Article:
Guns aren’t particularly cheap. At least decent ones aren’t. Even “cheap” guns have three digits in their price, which isn’t much for a gun, but it’s not exactly chump change we blow on a day-to-day basis, either.
That’s why many people have used credit cards to buy their guns. They can buy the gun now, then pay it off over time.
This is why many of us have concerns over the merchant code changes being made at these companies.
The Virginia Citizens Defense League lobbies the General Assembly for “good gun rights” and to stop gun control measures, according to Philip Van Cleave, the organization’s president.
“Gun owners are not in the mood for anything that — in any way, shape or form — implies that we’re being monitored, or our rights are attempted to be curtailed,” Van Cleave said.
The code will not be useful for gun control, Van Cleave said.
Virginia Attorney General Jason Miyares joined 23 other attorneys general from across the country in a letter against the new merchant category. Miyares is against the collection and tracking of private data by “big government and big businesses,” his office stated in an email comment.
The Giffords Law Center to Prevent Gun Violence, an organization that works to prevent gun violence through legislation, offered research to Amalgamated Bank in the development of the category code. There shouldn’t be “special treatment” for gun stores since the same rules already apply to other businesses, according to Adam Skaggs, chief counsel and policy director at the Giffords Law Center.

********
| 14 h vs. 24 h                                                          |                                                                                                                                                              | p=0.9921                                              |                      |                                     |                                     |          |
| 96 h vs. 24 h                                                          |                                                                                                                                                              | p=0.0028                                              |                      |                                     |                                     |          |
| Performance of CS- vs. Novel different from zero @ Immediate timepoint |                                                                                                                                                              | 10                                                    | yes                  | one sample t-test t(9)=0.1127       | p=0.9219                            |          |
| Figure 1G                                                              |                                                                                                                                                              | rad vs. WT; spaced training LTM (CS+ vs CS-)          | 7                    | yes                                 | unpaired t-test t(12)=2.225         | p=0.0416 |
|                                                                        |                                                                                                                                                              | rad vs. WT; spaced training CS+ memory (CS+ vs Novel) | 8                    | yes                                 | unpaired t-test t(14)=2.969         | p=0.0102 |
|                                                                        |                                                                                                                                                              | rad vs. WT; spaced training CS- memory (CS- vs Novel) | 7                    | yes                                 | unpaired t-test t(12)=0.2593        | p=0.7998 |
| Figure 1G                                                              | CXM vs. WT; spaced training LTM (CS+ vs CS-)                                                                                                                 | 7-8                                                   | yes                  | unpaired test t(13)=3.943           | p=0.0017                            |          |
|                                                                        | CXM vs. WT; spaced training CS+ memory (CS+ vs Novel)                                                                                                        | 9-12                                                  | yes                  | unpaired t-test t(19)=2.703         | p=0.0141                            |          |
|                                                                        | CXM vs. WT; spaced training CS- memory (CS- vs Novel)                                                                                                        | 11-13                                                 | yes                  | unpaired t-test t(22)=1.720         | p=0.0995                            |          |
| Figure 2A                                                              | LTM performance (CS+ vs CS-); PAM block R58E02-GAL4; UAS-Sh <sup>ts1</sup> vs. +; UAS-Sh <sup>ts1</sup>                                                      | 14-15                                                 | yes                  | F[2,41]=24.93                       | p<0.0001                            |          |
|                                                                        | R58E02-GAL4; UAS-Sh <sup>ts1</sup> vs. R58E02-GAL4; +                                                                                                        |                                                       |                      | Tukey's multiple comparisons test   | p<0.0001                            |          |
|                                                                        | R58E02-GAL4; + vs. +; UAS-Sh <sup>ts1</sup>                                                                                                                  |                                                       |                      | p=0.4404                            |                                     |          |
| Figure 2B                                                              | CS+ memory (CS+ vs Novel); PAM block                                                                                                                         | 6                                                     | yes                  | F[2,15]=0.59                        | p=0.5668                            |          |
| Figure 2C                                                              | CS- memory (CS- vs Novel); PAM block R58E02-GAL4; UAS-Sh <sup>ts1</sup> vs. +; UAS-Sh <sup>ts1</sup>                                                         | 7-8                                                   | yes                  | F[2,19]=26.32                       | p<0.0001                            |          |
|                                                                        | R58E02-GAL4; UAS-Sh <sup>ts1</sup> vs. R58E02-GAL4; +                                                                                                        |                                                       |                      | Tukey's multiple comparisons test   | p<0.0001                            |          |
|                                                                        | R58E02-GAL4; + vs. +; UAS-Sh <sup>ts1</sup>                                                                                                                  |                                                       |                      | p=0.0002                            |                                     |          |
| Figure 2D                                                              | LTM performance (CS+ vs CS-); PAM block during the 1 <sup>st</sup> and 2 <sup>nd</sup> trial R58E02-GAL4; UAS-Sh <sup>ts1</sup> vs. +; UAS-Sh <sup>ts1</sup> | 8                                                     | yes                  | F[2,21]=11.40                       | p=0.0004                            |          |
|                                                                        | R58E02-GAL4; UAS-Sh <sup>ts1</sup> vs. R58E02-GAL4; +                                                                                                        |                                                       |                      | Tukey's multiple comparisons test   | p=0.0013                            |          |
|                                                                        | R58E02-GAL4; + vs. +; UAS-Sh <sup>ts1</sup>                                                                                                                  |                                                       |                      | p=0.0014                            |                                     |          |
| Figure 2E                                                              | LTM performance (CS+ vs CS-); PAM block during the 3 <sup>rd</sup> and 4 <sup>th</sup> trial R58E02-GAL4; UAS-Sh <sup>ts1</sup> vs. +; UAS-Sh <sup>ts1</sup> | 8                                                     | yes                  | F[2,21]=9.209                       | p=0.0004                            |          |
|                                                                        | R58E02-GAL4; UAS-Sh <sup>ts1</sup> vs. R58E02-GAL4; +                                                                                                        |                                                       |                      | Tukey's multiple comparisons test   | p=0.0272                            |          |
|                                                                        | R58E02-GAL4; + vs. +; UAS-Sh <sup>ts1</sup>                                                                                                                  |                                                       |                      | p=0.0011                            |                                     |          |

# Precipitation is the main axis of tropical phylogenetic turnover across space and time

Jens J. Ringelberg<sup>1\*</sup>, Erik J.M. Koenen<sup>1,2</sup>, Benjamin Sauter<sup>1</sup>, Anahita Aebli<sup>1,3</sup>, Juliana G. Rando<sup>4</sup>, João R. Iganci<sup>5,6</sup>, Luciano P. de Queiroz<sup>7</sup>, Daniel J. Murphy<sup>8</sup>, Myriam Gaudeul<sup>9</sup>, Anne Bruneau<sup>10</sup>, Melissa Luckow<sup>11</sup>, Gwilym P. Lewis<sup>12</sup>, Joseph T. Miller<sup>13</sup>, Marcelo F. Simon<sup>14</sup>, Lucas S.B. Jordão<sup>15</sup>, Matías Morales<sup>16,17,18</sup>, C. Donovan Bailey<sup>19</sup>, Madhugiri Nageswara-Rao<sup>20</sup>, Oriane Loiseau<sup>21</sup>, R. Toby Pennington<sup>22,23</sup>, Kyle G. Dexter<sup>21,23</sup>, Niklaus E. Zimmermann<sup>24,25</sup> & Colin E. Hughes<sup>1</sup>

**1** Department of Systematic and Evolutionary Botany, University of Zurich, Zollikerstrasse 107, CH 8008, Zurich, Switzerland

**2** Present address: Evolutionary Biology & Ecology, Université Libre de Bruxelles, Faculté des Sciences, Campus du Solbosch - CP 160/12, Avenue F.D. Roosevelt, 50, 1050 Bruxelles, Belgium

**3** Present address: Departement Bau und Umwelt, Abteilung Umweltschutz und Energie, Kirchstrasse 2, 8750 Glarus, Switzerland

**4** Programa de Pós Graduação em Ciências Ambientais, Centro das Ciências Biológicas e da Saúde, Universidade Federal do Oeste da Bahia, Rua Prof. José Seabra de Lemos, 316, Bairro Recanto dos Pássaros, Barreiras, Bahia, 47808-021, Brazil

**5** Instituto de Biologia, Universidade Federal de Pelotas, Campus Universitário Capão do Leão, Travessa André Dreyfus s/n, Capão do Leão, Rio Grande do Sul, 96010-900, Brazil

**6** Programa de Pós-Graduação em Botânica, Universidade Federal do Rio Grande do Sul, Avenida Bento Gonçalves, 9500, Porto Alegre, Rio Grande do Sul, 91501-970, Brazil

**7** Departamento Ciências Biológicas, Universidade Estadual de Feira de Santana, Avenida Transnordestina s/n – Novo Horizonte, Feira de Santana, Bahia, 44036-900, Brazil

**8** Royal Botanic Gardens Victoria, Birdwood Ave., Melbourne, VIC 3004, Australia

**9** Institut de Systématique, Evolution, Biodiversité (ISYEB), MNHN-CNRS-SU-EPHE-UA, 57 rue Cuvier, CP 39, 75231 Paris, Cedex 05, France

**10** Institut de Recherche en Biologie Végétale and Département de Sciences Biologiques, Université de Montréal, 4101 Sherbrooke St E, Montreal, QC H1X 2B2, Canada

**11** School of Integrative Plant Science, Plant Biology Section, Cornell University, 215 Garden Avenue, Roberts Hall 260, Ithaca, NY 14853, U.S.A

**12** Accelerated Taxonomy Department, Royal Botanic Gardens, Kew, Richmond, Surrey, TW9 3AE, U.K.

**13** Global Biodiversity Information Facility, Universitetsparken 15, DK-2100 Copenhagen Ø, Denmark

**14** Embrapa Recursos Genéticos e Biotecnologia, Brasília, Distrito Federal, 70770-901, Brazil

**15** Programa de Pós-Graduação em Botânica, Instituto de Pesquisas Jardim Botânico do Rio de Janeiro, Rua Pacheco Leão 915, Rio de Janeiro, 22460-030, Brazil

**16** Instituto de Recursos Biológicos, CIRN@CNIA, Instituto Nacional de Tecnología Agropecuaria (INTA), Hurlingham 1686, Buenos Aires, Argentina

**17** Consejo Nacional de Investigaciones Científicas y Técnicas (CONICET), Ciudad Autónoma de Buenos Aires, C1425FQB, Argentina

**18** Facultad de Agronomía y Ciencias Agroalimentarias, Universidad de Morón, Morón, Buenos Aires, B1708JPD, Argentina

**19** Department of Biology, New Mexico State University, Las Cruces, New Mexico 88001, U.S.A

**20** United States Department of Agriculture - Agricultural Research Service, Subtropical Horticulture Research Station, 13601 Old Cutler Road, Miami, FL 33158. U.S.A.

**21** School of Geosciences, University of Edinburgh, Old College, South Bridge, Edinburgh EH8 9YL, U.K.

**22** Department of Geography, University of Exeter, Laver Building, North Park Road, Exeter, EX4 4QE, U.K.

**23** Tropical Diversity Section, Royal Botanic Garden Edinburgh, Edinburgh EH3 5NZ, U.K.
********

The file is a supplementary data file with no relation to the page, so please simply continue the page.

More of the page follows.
This code won’t necessarily lead to any new laws, rather it levels the playing field, Skaggs said. However, it could help detect illegal activities like gun trafficking, according to Skaggs.
Gun rights advocates worry the code may flag, or not be able to distinguish, high-dollar purchases from stores that sell firearms. Van Cleave used the example of a boat purchased from a store that also sells firearms, and voiced concern over the possibility of unnecessary scrutiny.
And yet, there’s absolutely no real response to the scenario Van Cleave presents.
The truth is that the merchant codes cannot look at exactly what is purchased. Someone buying up stuff to take the family camping may drop a lot of money on tents, camp stoves, and other campsite luxuries, then find themselves investigated for gun trafficking because they spent a bunch of money at Bass Pro Shops.
I mean, some of those tents are over $3,000. It’s unlikely people are going to pay cash for something like that, either, so that means credit cards.
Now, can you look at a credit card sale that comes from a store like that and say one way or another if it was a gun sale or a tent sale? What’s the difference between a $4,500 sale of camping and fishing equipment and someone buying 10 Glocks?
From that perspective, there isn’t one.
That means either law enforcement will spend most of their time chasing their tails or else they’ll ignore the data. Either way, the new merchant code won’t stop gun trafficking or, as was initially presented as grounds for this, mass shootings.
The people pushing this know nothing at all about how law-abiding citizens buy guns, how various stores sell guns and other things, and any number of other subjects.
Merchant code changes aren’t going to stop crime. They’re not even going to help the police in any meaningful way.
The best-case scenario here is that it will accomplish nothing.